But regardless of organization type, every organization will respond to fact-based negotiations. With fact-based negotiations, they can’t hide fat margin behind claims of high cost, high-value, or synergy as the only way they can dispute your models, metrics, and market insight is to provide their true costs (or own research from third parties if they expect their costs to rise over the expected contract term).

And the above isn’t that hard to gather. It might take some elbow grease and a category expert, but once you’ve built the proper model and identified the proper data sources, it’s quick to update.

All you need for a fairly accurate should cost model is:

  • the bill of material break down
  • the typical energy required to produce one unit (kWh)
  • the typical labour required (labourer hours by labourer type)
  • the average industry margin

If it’s a contract manufactured product, you have this, if not, you can get an industry expert to help you craft a typical bill of materials. Your current supplier, or an industry expert, should be able to roughly estimate the typical energy overhead (based on typical production process). Similarly, your current supplier (or industry expert) should know average labour requirements against the production line.

All that’s left is understanding the acquisition cost of the materials, energy, and labour. Most raw materials are traded on exchanges, so it’s easy to get an average market cost. Most countries either have electrical utilities as state owned organizations or as highly regulated private organizations with standard prices per kWh. And most countries or labour bureaus compile average labour rates. Industry insight gives you standard margins, and you can see it’s not hard to build a reasonably accurate should cost model with expertise and elbow grease. And since the only way for a supplier to challenge it is to provide their costs, you can get even the model more accurate if their costs are actually higher. (And if they don’t challenge your model, then its relatively accurate or their costs are actually lower. In the latter case, they might get a bit more margin than you want to give in negotiations, but chances are you’ve lowered your cost as well with the model.)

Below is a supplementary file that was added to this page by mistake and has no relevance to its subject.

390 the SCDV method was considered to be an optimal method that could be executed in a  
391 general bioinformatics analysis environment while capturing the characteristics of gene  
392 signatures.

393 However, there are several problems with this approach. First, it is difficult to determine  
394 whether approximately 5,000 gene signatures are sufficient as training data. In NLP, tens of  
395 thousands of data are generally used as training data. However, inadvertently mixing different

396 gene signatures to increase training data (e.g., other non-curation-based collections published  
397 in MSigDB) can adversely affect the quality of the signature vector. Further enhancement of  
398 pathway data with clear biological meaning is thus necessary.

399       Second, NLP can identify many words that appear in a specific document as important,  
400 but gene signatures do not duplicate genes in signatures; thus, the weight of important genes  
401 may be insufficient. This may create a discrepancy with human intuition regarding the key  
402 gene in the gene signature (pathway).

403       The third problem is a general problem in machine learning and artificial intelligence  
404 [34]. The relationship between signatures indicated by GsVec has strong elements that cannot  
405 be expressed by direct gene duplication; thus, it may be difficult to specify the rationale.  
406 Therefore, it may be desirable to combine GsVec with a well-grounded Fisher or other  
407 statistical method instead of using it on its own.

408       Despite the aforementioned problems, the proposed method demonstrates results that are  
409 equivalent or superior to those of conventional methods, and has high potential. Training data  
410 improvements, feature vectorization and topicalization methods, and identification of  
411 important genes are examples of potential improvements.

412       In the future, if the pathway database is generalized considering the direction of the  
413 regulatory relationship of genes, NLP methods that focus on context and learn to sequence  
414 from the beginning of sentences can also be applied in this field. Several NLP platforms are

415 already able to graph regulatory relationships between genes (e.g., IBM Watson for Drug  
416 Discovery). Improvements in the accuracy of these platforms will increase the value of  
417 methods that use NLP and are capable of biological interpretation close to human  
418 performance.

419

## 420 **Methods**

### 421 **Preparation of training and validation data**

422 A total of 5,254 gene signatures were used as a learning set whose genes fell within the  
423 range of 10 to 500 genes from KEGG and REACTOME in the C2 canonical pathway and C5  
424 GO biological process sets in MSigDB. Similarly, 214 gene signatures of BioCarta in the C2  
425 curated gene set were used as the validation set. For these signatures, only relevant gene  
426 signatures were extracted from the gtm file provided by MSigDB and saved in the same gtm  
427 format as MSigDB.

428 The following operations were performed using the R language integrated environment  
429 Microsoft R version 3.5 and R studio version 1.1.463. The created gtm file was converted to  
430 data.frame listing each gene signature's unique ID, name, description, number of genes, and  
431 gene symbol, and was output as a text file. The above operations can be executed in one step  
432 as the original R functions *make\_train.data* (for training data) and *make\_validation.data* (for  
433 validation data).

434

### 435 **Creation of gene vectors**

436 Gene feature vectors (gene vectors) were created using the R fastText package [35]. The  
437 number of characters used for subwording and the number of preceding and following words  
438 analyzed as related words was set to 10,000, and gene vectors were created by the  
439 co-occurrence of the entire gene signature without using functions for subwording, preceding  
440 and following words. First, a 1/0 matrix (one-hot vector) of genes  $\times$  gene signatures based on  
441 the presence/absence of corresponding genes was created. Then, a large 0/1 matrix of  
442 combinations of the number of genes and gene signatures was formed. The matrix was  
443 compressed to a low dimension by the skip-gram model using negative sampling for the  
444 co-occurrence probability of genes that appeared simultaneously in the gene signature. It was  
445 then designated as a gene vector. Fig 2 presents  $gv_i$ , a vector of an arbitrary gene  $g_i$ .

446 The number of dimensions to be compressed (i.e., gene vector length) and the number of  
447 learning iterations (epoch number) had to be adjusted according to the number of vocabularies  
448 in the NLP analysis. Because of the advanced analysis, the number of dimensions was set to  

This just leaves an identification of what services they can likely offer more economically, which again comes down to good modelling, and performance metrics (along with cost / profit impacts), which you should be gathering across your supply base. Then you can negotiate for better performance metrics (with penalties if they are not met) with an incumbent that isn’t doing as well as they should and wants to keep the business, or baseline metrics with a new supplier that wants the business based on current average performance across the supply base for the metric in question.

So gather your facts, and give yourself a true edge in negotiations.

American Thanksgiving May be Over …

… but there is still much more your Procurement Department could be thankful for. For example, it could be thankful for:

  • a new, better, technology platform …
  • … particularly one that fills a hole …
  • … such as analytics, optimization, SRM, and so on …
  • a services agreement with a niche consultancy …
  • … to help source key categories and transfer knowledge …
  • a services agreement with a technology expert …
  • … to help select the right platforms …
  • a GPO contract …
  • … and tail spend management help

… because, as you should have gathered by now, most Procurement platforms are behind on tech, knowledge, and support and have too much spend not under management. And it will stay that way until such time as your Procurement team gets the software and services support it needs to get to the next level.

So make sure you give your Procurement department enough financial support in their next budget so they can take their operations to the next level. Because, when they get there, you will get many times your initial investment back.

They Terk Er Jerbs! Good for them.

Because, if they were intelligent, if they weren’t already insane, they would be! One definition of insanity is doing the same thing over and over and expecting different results. But an even better one is wanting to do the same mind-numbing task over and over and over again until anyone with a modicum of intelligence would go insane.

Like screwing the same rivet 10,000 times a day. Walking up and down the same 20 aisles looking for sold out products day after day. Or performing well-defined calculations millions and millions and millions of times. This last task is something good accounts payable and procurement folk have to do over their career without AI if they want to realize the savings they should.